Moreover, there is something odd about the argument that, were the public to have access to oral arguments before the Supreme Court – arguably, the least influential part of the appellate process – neither the justices not the advocates before them would be able to resist the temptation to grandstand. Many state high courts have experimented with televising oral arguments, and there is no evidence that either the judges or the attorneys treat the occasion with less seriousness, or that it has affected the sense of decorum that traditionally attends appellate arguments.

At the end of the day, we have passed the point at which it can be denied that the Supreme Court and its decisions have become more central to American life than the framers could possibly have imagined. It remains for others to debate whether this is a salutary development. The federal government in the past century has evolved to operate in ways the framers did not explicitly contemplate. One result has been conflicts about the separation of powers between the legislative and executive branches, and between the federal and state governments, which lawmakers and citizens alike expect the Supreme Court to resolve—and this is not to mention the myriad and important individual rights issues on the Court’s docket.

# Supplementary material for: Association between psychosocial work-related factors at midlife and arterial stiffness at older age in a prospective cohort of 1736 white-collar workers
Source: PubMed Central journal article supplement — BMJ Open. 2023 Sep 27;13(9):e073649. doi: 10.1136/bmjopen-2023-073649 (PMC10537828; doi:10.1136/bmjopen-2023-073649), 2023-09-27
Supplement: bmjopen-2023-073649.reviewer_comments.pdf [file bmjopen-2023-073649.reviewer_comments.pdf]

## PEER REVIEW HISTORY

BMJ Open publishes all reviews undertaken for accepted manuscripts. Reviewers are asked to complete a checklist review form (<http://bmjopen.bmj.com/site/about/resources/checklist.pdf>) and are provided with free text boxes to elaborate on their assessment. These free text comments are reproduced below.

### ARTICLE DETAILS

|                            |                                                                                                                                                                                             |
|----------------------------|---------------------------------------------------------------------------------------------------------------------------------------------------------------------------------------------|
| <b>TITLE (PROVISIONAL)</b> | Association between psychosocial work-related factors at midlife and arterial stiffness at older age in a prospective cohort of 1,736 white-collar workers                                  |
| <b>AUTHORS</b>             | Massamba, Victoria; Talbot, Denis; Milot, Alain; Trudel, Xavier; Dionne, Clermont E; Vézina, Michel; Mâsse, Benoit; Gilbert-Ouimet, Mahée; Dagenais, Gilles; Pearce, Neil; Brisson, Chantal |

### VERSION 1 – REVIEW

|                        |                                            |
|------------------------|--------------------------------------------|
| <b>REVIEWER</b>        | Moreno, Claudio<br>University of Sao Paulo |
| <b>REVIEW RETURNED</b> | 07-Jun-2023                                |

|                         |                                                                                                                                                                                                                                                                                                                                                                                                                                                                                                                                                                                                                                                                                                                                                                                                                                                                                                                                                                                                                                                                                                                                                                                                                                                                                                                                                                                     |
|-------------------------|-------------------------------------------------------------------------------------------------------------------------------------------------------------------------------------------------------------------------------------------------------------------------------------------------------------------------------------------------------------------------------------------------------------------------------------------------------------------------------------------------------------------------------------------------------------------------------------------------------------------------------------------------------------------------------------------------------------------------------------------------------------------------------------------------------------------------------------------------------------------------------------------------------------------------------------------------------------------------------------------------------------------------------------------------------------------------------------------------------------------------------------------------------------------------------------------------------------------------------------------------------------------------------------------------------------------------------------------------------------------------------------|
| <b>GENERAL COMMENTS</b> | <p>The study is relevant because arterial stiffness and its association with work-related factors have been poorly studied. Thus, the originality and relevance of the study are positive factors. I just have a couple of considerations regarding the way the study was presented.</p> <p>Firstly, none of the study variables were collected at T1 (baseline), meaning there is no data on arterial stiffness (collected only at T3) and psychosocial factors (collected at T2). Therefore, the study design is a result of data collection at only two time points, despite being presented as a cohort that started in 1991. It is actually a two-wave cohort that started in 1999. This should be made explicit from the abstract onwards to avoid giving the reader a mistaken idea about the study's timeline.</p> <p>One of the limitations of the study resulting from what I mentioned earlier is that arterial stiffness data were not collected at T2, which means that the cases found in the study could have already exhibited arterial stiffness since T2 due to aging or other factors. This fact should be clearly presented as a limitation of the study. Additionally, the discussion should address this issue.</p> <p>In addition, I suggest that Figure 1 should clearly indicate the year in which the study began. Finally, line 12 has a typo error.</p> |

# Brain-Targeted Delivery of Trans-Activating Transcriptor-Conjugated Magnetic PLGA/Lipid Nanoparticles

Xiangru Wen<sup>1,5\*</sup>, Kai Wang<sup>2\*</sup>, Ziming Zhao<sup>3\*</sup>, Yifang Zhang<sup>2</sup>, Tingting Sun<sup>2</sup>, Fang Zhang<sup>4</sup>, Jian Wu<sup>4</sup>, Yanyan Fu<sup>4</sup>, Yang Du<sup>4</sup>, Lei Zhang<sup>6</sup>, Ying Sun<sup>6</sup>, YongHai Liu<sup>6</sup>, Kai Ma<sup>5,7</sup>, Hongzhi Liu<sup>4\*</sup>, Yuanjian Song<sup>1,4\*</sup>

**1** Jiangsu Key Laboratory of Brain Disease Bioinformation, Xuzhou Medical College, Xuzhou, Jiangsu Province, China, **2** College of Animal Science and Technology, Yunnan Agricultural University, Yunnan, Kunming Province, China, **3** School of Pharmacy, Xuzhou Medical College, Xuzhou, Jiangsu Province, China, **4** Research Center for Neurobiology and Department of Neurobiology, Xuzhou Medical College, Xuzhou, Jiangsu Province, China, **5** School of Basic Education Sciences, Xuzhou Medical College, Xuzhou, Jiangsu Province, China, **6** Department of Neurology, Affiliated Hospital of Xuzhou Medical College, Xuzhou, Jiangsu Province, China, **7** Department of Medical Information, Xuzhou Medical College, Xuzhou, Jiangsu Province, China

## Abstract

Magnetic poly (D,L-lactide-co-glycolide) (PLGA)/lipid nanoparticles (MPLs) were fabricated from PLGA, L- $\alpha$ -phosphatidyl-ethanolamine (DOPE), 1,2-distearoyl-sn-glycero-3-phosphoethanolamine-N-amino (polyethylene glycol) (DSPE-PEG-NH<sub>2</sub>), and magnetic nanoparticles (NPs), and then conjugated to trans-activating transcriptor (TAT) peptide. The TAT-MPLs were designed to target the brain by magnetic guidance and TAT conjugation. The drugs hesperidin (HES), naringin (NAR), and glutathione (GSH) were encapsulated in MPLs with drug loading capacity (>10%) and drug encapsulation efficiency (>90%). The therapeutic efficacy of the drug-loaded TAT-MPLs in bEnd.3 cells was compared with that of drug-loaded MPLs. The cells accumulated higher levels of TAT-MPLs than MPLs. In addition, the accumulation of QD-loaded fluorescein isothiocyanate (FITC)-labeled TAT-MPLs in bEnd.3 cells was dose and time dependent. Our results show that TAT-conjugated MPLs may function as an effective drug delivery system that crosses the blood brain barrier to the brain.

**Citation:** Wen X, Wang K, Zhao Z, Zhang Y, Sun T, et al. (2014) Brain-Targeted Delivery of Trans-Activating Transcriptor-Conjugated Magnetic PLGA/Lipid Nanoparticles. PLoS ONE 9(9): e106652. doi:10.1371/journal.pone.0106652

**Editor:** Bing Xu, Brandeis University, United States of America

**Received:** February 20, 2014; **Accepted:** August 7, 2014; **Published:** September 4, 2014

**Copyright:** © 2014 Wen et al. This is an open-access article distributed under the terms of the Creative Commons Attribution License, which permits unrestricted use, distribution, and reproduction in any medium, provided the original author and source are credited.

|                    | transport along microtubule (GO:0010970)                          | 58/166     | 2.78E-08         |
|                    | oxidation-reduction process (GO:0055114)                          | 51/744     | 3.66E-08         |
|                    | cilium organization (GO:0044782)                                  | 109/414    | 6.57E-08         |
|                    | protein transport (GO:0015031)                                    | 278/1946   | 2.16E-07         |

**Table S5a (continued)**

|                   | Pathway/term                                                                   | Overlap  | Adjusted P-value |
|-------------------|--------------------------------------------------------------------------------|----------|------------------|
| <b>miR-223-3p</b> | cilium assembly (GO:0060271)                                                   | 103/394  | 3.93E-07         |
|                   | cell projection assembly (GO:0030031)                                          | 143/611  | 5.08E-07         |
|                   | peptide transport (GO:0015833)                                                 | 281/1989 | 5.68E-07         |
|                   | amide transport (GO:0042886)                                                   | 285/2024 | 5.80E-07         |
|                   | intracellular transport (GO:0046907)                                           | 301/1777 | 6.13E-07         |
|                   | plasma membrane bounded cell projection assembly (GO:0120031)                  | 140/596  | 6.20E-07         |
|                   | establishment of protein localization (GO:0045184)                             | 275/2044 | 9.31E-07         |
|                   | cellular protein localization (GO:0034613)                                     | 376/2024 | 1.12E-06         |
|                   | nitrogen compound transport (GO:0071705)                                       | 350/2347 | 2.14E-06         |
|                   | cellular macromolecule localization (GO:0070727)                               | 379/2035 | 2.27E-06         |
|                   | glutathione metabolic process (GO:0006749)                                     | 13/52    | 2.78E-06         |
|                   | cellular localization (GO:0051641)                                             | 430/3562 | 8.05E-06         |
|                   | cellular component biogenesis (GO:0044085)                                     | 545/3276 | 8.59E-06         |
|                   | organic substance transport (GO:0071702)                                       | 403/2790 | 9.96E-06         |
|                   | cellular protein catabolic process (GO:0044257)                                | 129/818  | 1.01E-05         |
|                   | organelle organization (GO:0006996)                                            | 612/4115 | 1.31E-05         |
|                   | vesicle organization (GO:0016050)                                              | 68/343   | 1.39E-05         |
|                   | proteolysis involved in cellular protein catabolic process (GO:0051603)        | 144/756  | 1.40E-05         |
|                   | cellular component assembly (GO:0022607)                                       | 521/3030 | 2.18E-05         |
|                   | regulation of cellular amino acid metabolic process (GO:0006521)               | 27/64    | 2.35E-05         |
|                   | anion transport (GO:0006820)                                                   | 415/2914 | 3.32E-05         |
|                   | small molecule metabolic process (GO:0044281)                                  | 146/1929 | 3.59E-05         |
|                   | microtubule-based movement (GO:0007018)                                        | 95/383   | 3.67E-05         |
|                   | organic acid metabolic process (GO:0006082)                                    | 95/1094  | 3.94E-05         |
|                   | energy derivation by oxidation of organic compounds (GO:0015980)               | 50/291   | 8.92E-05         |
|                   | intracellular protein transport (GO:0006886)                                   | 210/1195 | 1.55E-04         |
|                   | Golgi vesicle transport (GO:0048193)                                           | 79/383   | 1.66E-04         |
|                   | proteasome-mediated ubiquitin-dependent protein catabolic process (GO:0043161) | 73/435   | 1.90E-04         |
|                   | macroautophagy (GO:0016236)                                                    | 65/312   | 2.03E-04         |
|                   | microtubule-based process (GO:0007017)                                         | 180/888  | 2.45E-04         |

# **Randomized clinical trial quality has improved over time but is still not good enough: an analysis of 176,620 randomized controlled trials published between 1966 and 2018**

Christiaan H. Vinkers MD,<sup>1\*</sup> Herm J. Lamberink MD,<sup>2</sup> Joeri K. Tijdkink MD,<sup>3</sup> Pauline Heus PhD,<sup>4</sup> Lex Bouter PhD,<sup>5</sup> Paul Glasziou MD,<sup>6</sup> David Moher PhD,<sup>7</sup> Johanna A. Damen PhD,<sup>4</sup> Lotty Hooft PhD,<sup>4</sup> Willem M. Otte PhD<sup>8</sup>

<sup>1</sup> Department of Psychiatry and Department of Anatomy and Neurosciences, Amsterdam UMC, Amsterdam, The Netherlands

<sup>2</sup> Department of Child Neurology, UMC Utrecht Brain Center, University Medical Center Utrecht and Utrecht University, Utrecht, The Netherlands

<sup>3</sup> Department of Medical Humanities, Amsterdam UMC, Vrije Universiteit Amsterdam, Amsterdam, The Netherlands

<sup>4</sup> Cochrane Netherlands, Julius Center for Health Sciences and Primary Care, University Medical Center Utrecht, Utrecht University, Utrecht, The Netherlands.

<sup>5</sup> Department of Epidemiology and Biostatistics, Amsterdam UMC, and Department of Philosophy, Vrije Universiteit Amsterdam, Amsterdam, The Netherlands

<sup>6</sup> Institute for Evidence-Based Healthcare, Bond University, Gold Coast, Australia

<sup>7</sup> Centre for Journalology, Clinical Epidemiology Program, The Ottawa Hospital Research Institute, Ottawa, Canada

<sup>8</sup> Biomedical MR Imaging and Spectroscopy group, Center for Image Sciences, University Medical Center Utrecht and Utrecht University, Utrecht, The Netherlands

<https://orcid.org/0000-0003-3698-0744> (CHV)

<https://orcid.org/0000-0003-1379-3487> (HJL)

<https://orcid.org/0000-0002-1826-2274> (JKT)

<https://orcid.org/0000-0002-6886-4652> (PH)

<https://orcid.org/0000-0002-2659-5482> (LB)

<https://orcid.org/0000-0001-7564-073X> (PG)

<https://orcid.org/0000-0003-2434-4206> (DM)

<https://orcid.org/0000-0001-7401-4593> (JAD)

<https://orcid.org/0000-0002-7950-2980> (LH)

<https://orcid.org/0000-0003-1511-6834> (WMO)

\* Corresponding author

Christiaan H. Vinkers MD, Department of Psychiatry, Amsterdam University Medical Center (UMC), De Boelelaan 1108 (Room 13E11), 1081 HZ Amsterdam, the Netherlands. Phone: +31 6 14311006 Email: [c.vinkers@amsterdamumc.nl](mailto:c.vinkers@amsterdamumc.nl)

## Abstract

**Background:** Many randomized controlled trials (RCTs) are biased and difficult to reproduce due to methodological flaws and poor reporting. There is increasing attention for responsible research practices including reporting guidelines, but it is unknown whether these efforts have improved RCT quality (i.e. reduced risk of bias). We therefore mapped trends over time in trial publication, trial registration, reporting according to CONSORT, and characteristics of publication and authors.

To the extent the Court has become the decisionmaker of last resort, the American people would benefit from seeing at least a glimpse of the way in which it works. Such access might provide some assurance to citizens who may question the Court’s role, or the pledge of its members to resolve the matters before them based upon argument and reason, rather than partisan affiliation. In the end, opportunities for the American people to see for themselves what the justices do could well enhance the respect upon which the Court depends for its legitimacy.